is one of only four lawyers
in the entire State of New York
who have been Board Certified as
Specialists in DWI Defense Law by the
National College for DUI Defense ("NCDD").*
Peter served as Dean of the
National College for DUI Defense
the only organization in the
United States that is accredited by the
American Bar Association to certify
attorneys as specialists in DWI law.
Our practice is focused on, but not limited to, criminal defense. We are best known, throughout the legal community, for our experience and skill in defending those charged with Driving While Intoxicated. Many local attorneys whose practices focus on civil and business litigation refer their family members, colleagues and clients to us when they face DWI charges. In addition to DWI defense, however, we also have extensive experience in representing people who have been charged with all types of felonies, misdemeanors and traffic infractions.
A person who drives when his or her driver’s license is suspended or revoked can be charged with AUO. AUO is a crime. In fact, AUO is one of the most common crimes committed in New York State. Depending on the circumstances of the offense (for example, if you commit DWI or DWAI while your driver’s license is suspended or revoked for a prior DWI-related offense), AUO can be a felony. If an accident is involved, AUO can increase the level of the felony even further. In representing a person charged with misdemeanor AUO, our goal is to get the charge reduced to a non-criminal offense (such as Unlicensed Operation, which is only a traffic infraction) or, if possible, to a non-moving violation (such as Facilitating AUO, which is also only a traffic infraction). Of course, if you did not commit the offense, we would seek a dismissal of the charge. In representing a person charged with felony AUO, we will carefully analyze your situation to make sure that a felony charge is in fact warranted. If it is, we will do our best to get the charge reduced to a non-felony offense.
The best way to avoid a VOP is to not be on probation to begin with. Being on probation can be so intrusive on your life that, in hindsight, many people who have been on probation wish that they had simply gone to jail instead. As a result, our goal is to avoid a sentence of probation for our clients whenever possible. That said, once a person is on probation any violation thereof, no matter how small, can result in a VOP. To make matters worse, a person who is accused of a VOP has far fewer rights than a person who is accused of a crime. For example, the presumption of innocence does not apply, the People do not have to prove your guilt beyond a reasonable doubt, there is no right to file motions, to suppress evidence, to a trial, to a jury, etc. Yet the consequences of a VOP can include a lengthy sentence of incarceration. Since your rights in a VOP proceeding are limited, and since the potential consequences of a VOP are severe, you need an attorney who is both familiar with the law and skilled at negotiation. We do our best to be effective at both.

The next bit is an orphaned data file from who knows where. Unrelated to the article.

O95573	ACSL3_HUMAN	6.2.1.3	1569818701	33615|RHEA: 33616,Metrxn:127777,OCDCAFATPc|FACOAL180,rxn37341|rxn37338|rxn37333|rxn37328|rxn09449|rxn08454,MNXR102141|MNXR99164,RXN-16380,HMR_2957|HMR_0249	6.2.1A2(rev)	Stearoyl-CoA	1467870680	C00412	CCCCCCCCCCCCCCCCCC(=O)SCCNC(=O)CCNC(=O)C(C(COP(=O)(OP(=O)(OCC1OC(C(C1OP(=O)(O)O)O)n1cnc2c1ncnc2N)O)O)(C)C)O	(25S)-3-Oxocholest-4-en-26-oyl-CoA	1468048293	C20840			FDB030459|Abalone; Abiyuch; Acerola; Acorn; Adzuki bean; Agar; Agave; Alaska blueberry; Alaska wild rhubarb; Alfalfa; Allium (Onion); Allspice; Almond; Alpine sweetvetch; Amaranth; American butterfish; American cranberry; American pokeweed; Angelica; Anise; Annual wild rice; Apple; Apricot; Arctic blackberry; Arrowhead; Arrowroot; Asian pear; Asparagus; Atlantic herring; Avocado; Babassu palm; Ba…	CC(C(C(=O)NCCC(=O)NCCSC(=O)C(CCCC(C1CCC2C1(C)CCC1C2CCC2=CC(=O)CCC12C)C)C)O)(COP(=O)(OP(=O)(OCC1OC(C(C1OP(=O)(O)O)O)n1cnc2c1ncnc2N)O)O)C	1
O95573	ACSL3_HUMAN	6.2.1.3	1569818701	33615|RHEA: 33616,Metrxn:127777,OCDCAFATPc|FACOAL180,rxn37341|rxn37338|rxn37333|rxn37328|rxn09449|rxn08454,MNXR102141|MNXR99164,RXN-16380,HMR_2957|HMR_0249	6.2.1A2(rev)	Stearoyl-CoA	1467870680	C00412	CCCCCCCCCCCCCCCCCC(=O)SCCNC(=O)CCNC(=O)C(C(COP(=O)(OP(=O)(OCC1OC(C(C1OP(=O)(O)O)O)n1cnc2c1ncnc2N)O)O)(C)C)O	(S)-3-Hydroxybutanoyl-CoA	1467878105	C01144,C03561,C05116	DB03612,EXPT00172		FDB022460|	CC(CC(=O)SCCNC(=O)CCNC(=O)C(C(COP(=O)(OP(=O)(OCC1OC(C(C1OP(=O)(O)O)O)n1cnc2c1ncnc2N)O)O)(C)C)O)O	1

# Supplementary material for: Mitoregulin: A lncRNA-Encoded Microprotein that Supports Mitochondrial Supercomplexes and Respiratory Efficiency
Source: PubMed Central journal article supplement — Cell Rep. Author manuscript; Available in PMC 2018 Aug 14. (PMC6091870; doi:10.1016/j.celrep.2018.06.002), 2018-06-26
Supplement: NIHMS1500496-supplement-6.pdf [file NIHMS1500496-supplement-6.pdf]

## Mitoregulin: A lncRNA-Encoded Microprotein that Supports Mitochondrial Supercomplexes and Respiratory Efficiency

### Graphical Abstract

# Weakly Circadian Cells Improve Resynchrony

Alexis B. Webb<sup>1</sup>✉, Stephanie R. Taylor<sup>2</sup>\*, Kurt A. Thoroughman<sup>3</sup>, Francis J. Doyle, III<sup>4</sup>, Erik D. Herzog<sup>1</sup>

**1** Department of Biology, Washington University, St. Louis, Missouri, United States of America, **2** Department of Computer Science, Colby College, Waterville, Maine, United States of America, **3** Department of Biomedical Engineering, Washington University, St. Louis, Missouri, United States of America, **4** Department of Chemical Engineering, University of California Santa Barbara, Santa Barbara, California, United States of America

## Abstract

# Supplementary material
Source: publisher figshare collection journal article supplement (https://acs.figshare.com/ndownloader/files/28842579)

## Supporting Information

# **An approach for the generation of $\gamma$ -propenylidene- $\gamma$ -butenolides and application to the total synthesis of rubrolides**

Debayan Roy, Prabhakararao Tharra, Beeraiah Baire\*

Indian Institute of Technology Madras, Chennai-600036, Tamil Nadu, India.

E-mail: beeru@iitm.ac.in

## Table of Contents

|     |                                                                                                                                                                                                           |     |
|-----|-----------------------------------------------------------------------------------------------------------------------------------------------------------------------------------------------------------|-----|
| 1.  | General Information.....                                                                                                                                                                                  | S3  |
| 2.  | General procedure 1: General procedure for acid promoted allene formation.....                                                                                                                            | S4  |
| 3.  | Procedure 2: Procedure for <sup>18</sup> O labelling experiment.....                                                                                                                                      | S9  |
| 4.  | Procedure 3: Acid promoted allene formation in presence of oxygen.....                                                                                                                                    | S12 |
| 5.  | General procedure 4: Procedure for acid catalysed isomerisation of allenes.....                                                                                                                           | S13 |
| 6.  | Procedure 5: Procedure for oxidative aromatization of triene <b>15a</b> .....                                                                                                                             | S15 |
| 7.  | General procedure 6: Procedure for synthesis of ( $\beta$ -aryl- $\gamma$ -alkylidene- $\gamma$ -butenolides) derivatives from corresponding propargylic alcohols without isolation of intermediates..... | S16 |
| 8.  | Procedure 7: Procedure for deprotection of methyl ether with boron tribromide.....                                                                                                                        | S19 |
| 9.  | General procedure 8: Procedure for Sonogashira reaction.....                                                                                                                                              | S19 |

Unfortunately, it is common for people sentenced to IIDs to violate the conditions thereof. One of the most common IID violations is blowing an illegal BAC into the device in the morning after a night of heavy drinking. It can be a serious mistake to attempt to represent yourself in an IID violation proceeding. Courts have heard every excuse in the book (for example, “I just used mouthwash,” “my perfume/cologne has alcohol in it,” “I just cleaned the car with wipes containing alcohol,” etc.). Everything else aside, IID installers clearly warn people to avoid any of these things if you intend to drive in the near future. Such excuses are about as well received as a claim that the dog ate your homework, and they will likely only make your bad situation worse. Do yourself a favor; hire a good attorney.
Did you know that DMV has kept records of your entire lifetime driving history? Or that DMV generally looks back at least 25 years when reviewing your driving record when making a licensing determination? Or that a 5-point driving violation such as a cell phone or texting ticket can result in your driver’s license being permanently revoked? Unless you have found out the answer to these questions the hard way, the answer is likely “no.” DMV keeps getting tougher and tougher on repeat offenders (a.k.a. persistently dangerous drivers), and your entire lifetime driving history has become relevant. It no longer matters that “I was only a teenager when I got that speeding ticket,” or that “I didn’t have a lawyer for that ticket,” or that “this is my first ticket in 20 years,” etc. It may seem unfair, but the rules have drastically changed — and many lawyers are simply unaware of the changes. We are. The bottom line is that it is often no longer safe to handle traffic tickets on your own (or even with an attorney whose practice does not focus on Vehicle and Traffic Law offenses).
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Peter Gerstenzang, Esq.
Gerstenzang, Sills, Cohn & Gerstenzang
210 Great Oaks Boulevard
Albany, New York 12203
Phone: (518) 456-6456
Fax: (518) 456-6056
Cell: (518) 441-7011